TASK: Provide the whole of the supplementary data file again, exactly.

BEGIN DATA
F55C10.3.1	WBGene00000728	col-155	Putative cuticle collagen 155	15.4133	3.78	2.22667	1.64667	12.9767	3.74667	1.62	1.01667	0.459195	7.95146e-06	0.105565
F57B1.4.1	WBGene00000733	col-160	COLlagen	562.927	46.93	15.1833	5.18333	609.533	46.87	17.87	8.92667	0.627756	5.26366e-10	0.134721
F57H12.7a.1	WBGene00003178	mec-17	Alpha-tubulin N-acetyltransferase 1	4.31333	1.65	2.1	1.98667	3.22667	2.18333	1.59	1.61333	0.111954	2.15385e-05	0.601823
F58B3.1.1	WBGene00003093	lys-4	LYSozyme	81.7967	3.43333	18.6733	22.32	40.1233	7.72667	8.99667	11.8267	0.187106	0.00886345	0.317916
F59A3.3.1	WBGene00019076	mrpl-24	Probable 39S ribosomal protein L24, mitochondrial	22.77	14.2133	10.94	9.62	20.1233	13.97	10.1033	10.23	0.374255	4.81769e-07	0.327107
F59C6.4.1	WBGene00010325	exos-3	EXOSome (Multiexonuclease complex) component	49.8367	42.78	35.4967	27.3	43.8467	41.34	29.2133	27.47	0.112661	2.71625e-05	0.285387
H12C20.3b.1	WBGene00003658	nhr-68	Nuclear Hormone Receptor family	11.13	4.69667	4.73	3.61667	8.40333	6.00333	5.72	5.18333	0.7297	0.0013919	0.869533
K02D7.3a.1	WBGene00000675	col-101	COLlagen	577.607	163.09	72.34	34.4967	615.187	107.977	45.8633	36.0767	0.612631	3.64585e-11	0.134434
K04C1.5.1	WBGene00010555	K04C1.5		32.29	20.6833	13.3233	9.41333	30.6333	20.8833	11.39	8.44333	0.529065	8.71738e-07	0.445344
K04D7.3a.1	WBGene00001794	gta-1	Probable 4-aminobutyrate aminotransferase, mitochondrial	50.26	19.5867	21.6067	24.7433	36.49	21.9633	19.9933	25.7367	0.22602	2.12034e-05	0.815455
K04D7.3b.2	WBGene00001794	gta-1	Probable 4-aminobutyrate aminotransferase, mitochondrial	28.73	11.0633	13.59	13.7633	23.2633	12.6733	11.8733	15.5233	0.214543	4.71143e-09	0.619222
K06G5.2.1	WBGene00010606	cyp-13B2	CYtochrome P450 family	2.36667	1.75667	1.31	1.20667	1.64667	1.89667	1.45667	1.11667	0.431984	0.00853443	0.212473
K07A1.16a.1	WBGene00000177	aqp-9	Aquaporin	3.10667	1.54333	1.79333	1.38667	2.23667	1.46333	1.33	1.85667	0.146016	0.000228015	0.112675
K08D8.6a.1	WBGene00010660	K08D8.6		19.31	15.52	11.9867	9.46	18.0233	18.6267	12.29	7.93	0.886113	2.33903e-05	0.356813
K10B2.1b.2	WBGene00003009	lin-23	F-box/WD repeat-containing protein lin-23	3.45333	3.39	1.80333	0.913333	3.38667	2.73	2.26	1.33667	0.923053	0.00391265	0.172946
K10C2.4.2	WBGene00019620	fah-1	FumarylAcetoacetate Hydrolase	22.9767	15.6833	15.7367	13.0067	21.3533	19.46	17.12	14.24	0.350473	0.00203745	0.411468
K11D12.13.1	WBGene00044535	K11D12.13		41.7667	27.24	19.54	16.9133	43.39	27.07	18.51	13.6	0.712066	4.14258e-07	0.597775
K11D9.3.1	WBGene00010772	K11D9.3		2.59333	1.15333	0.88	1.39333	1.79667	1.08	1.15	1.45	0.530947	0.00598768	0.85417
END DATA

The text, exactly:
F55C10.3.1	WBGene00000728	col-155	Putative cuticle collagen 155	15.4133	3.78	2.22667	1.64667	12.9767	3.74667	1.62	1.01667	0.459195	7.95146e-06	0.105565
F57B1.4.1	WBGene00000733	col-160	COLlagen	562.927	46.93	15.1833	5.18333	609.533	46.87	17.87	8.92667	0.627756	5.26366e-10	0.134721
F57H12.7a.1	WBGene00003178	mec-17	Alpha-tubulin N-acetyltransferase 1	4.31333	1.65	2.1	1.98667	3.22667	2.18333	1.59	1.61333	0.111954	2.15385e-05	0.601823
F58B3.1.1	WBGene00003093	lys-4	LYSozyme	81.7967	3.43333	18.6733	22.32	40.1233	7.72667	8.99667	11.8267	0.187106	0.00886345	0.317916
F59A3.3.1	WBGene00019076	mrpl-24	Probable 39S ribosomal protein L24, mitochondrial	22.77	14.2133	10.94	9.62	20.1233	13.97	10.1033	10.23	0.374255	4.81769e-07	0.327107
F59C6.4.1	WBGene00010325	exos-3	EXOSome (Multiexonuclease complex) component	49.8367	42.78	35.4967	27.3	43.8467	41.34	29.2133	27.47	0.112661	2.71625e-05	0.285387
H12C20.3b.1	WBGene00003658	nhr-68	Nuclear Hormone Receptor family	11.13	4.69667	4.73	3.61667	8.40333	6.00333	5.72	5.18333	0.7297	0.0013919	0.869533
K02D7.3a.1	WBGene00000675	col-101	COLlagen	577.607	163.09	72.34	34.4967	615.187	107.977	45.8633	36.0767	0.612631	3.64585e-11	0.134434
K04C1.5.1	WBGene00010555	K04C1.5		32.29	20.6833	13.3233	9.41333	30.6333	20.8833	11.39	8.44333	0.529065	8.71738e-07	0.445344
K04D7.3a.1	WBGene00001794	gta-1	Probable 4-aminobutyrate aminotransferase, mitochondrial	50.26	19.5867	21.6067	24.7433	36.49	21.9633	19.9933	25.7367	0.22602	2.12034e-05	0.815455
K04D7.3b.2	WBGene00001794	gta-1	Probable 4-aminobutyrate aminotransferase, mitochondrial	28.73	11.0633	13.59	13.7633	23.2633	12.6733	11.8733	15.5233	0.214543	4.71143e-09	0.619222
K06G5.2.1	WBGene00010606	cyp-13B2	CYtochrome P450 family	2.36667	1.75667	1.31	1.20667	1.64667	1.89667	1.45667	1.11667	0.431984	0.00853443	0.212473
K07A1.16a.1	WBGene00000177	aqp-9	Aquaporin	3.10667	1.54333	1.79333	1.38667	2.23667	1.46333	1.33	1.85667	0.146016	0.000228015	0.112675
K08D8.6a.1	WBGene00010660	K08D8.6		19.31	15.52	11.9867	9.46	18.0233	18.6267	12.29	7.93	0.886113	2.33903e-05	0.356813
K10B2.1b.2	WBGene00003009	lin-23	F-box/WD repeat-containing protein lin-23	3.45333	3.39	1.80333	0.913333	3.38667	2.73	2.26	1.33667	0.923053	0.00391265	0.172946
K10C2.4.2	WBGene00019620	fah-1	FumarylAcetoacetate Hydrolase	22.9767	15.6833	15.7367	13.0067	21.3533	19.46	17.12	14.24	0.350473	0.00203745	0.411468
K11D12.13.1	WBGene00044535	K11D12.13		41.7667	27.24	19.54	16.9133	43.39	27.07	18.51	13.6	0.712066	4.14258e-07	0.597775
K11D9.3.1	WBGene00010772	K11D9.3		2.59333	1.15333	0.88	1.39333	1.79667	1.08	1.15	1.45	0.530947	0.00598768	0.85417